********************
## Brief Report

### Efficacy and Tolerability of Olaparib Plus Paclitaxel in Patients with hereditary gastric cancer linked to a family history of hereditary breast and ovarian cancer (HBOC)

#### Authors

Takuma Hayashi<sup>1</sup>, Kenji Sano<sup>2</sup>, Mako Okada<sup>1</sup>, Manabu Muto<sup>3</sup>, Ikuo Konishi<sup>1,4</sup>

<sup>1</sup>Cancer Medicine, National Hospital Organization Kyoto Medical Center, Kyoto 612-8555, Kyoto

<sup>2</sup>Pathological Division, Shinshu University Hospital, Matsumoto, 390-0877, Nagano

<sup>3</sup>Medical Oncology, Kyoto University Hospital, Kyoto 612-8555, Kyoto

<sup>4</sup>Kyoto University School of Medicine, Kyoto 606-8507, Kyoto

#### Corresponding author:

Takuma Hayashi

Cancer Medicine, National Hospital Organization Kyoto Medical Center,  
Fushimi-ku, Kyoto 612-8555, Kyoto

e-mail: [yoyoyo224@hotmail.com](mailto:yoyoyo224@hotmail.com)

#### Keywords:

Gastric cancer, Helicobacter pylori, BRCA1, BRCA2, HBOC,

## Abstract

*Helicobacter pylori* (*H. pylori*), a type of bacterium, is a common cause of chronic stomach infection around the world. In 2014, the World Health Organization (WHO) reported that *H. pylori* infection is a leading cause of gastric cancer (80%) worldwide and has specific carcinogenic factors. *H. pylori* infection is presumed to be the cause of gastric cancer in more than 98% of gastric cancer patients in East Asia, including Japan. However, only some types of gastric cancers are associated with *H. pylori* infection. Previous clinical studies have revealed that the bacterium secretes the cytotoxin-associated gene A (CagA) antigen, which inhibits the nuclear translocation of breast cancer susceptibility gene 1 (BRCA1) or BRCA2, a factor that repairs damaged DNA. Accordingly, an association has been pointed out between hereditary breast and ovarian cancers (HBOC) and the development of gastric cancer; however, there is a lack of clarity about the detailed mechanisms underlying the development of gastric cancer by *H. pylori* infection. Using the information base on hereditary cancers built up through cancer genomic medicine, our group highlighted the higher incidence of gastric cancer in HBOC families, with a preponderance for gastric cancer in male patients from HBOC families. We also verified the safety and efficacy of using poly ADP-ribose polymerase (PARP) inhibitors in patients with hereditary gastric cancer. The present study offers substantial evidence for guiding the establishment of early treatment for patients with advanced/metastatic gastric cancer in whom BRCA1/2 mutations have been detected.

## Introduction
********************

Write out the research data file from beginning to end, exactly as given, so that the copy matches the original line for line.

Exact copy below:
## Brief Report

### Efficacy and Tolerability of Olaparib Plus Paclitaxel in Patients with hereditary gastric cancer linked to a family history of hereditary breast and ovarian cancer (HBOC)

#### Authors

Takuma Hayashi<sup>1</sup>, Kenji Sano<sup>2</sup>, Mako Okada<sup>1</sup>, Manabu Muto<sup>3</sup>, Ikuo Konishi<sup>1,4</sup>

<sup>1</sup>Cancer Medicine, National Hospital Organization Kyoto Medical Center, Kyoto 612-8555, Kyoto

<sup>2</sup>Pathological Division, Shinshu University Hospital, Matsumoto, 390-0877, Nagano

<sup>3</sup>Medical Oncology, Kyoto University Hospital, Kyoto 612-8555, Kyoto

<sup>4</sup>Kyoto University School of Medicine, Kyoto 606-8507, Kyoto

#### Corresponding author:

Takuma Hayashi

Cancer Medicine, National Hospital Organization Kyoto Medical Center,  
Fushimi-ku, Kyoto 612-8555, Kyoto

e-mail: [yoyoyo224@hotmail.com](mailto:yoyoyo224@hotmail.com)

#### Keywords:

Gastric cancer, Helicobacter pylori, BRCA1, BRCA2, HBOC,

## Abstract

*Helicobacter pylori* (*H. pylori*), a type of bacterium, is a common cause of chronic stomach infection around the world. In 2014, the World Health Organization (WHO) reported that *H. pylori* infection is a leading cause of gastric cancer (80%) worldwide and has specific carcinogenic factors. *H. pylori* infection is presumed to be the cause of gastric cancer in more than 98% of gastric cancer patients in East Asia, including Japan. However, only some types of gastric cancers are associated with *H. pylori* infection. Previous clinical studies have revealed that the bacterium secretes the cytotoxin-associated gene A (CagA) antigen, which inhibits the nuclear translocation of breast cancer susceptibility gene 1 (BRCA1) or BRCA2, a factor that repairs damaged DNA. Accordingly, an association has been pointed out between hereditary breast and ovarian cancers (HBOC) and the development of gastric cancer; however, there is a lack of clarity about the detailed mechanisms underlying the development of gastric cancer by *H. pylori* infection. Using the information base on hereditary cancers built up through cancer genomic medicine, our group highlighted the higher incidence of gastric cancer in HBOC families, with a preponderance for gastric cancer in male patients from HBOC families. We also verified the safety and efficacy of using poly ADP-ribose polymerase (PARP) inhibitors in patients with hereditary gastric cancer. The present study offers substantial evidence for guiding the establishment of early treatment for patients with advanced/metastatic gastric cancer in whom BRCA1/2 mutations have been detected.

## Introduction